I think therefore that the linking of the Ashleigh Hall case to the CEOP button is a bit of a false one. What is true is that a lot of approaches made by adults to children online are actually very direct. This is in contrast to what I think is the general perception, that it’s mostly about long drawn out relationship/trust building before eventually turning conversations towards sex (i.e. creating a situation where the child wouldn’t want to make a report). Where the button would make an impact is with kids who are approached with an overt sexual proposition straight away. Having a quick/easy way to report that behaviour (by whatever system) may result in more convictions of predators trying the direct approach.
Certainly, Facebook’s reporting systems need to be far more prominent. Personally, I’d like to see ‘report’ offered alongside ‘like’ and ‘comment’ against posts, or at least to be much more visible. Currently the path to report is this: Click through on the profile of the offending poster, then scroll right down (under their friends, photos etc.) on the left hand column, to find this rather recessive link:
If you didn’t know it was there, you’d have a hard time finding it. Why don’t they run a page from the main navigation telling you how to report someone? Run a ‘Report It to Facebook ‘ button on every page? It may not be the most efficient reporting system either, since it’s the user profile which is reported rather than the offending post and so it may be hard for Facebook moderators to locate the offending material and view it in context.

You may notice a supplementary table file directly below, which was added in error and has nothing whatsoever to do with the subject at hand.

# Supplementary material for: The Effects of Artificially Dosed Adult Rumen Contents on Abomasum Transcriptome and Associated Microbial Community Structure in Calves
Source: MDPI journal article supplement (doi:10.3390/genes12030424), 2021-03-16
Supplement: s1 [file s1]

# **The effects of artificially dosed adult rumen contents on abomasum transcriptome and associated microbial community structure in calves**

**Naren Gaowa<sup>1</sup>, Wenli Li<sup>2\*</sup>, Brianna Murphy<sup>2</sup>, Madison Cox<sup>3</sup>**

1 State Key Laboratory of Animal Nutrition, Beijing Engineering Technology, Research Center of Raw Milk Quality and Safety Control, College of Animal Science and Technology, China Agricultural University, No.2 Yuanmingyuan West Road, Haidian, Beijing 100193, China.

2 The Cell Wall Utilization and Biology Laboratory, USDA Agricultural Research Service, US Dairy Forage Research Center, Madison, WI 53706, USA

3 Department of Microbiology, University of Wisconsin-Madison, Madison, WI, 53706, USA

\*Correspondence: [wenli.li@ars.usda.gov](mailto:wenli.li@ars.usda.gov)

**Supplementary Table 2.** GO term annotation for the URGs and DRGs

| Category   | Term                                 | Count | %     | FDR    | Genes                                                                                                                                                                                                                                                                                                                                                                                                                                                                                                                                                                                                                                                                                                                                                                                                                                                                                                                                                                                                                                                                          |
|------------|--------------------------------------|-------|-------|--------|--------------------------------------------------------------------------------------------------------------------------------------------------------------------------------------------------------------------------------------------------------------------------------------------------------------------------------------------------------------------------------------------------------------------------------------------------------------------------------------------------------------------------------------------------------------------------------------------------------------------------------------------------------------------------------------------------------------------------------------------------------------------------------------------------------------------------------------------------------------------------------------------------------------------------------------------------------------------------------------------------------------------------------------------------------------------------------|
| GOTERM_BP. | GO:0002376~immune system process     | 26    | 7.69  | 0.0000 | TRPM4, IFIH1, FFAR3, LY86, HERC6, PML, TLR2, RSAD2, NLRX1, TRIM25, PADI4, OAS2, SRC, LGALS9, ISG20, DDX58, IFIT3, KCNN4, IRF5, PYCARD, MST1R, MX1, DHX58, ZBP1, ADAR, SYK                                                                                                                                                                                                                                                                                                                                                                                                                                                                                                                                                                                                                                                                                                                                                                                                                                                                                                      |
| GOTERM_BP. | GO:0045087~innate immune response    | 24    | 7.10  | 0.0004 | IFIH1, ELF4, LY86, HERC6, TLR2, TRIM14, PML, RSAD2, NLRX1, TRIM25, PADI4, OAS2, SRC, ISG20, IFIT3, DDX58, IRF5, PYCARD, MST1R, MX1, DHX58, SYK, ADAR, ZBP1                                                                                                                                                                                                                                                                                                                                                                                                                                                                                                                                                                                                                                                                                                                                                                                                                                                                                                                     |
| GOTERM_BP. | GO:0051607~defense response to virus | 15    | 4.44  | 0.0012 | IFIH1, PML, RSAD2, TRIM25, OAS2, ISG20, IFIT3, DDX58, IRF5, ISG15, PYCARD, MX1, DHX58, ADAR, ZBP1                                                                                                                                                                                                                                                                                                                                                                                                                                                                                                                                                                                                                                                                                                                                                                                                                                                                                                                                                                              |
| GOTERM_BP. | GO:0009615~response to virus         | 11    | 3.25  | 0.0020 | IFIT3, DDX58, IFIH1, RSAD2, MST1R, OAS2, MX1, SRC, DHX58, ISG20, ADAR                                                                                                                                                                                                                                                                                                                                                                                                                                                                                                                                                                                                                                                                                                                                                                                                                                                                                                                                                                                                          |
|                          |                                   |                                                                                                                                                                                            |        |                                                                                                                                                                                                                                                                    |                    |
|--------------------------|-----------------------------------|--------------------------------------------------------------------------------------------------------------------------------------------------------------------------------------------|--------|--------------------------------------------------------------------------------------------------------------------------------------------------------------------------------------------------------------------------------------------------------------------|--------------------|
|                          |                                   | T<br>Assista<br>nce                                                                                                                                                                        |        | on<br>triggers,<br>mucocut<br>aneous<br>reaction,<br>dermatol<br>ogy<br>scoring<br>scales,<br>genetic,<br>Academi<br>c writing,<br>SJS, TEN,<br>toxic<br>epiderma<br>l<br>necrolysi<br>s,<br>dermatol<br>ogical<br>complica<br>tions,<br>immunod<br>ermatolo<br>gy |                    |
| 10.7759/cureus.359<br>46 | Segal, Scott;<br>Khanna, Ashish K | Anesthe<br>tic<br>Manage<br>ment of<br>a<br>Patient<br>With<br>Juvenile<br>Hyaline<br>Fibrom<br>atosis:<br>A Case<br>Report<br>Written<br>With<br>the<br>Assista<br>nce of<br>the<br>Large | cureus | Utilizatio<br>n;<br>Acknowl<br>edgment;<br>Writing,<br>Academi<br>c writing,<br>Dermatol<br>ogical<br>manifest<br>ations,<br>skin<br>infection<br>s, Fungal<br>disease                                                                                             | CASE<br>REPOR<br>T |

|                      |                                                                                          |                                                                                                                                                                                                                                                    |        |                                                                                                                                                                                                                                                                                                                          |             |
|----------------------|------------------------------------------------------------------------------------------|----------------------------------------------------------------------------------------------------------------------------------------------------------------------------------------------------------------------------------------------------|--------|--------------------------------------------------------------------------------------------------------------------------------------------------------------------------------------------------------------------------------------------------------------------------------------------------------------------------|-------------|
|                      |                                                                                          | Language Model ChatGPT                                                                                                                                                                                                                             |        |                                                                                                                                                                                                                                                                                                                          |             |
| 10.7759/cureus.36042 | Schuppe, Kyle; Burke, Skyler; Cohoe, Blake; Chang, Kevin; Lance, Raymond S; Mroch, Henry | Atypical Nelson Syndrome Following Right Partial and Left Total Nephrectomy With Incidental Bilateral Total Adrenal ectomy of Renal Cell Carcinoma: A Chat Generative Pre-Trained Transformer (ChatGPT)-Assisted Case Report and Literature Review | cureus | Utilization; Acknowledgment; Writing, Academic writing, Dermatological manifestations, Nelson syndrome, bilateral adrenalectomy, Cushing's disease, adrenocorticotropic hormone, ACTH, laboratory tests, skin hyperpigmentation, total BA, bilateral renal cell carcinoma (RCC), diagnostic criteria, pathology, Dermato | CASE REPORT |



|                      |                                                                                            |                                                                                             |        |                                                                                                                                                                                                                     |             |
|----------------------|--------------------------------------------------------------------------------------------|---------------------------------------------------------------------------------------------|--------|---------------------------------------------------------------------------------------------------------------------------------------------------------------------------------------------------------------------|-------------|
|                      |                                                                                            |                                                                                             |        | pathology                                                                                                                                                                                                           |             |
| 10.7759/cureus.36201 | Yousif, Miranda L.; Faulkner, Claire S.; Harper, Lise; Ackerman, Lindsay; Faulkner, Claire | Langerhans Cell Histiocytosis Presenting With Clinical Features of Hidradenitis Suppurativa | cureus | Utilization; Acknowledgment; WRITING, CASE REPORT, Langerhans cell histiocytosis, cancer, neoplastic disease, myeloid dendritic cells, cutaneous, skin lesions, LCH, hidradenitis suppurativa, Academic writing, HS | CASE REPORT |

When making a report there is a choice of 1. blocking this person from communicating with you, or 2. reporting the user to Facebook. The dropdown under reporting offers categories of offence: Nudity or pornography / Fake profile / Racist or hate speech / Cyberbullying / Threatens me or others / Unwanted contact. I’m assuming Facebook is proposing help links based upon the choice at this point.
Update 22 Mar 10: Malcom Coles’ critique of Facebook reporting procedures reminded me that I hadn’t looked at the separate reporting procedure in Facebook for Fan Pages and Groups (versus personal profiles). Many thanks to Malcom and to Blaise Grimes Viort for the link. (Malcom, I’ve reproduced your screengrabs, for which thanks).
Entire Fan Pages: It is possible to report the whole Fan Page (in the left hand column of these pages is a “Report page” link), but the options offered as to why you may be reporting it are very limited, and there is no free text option.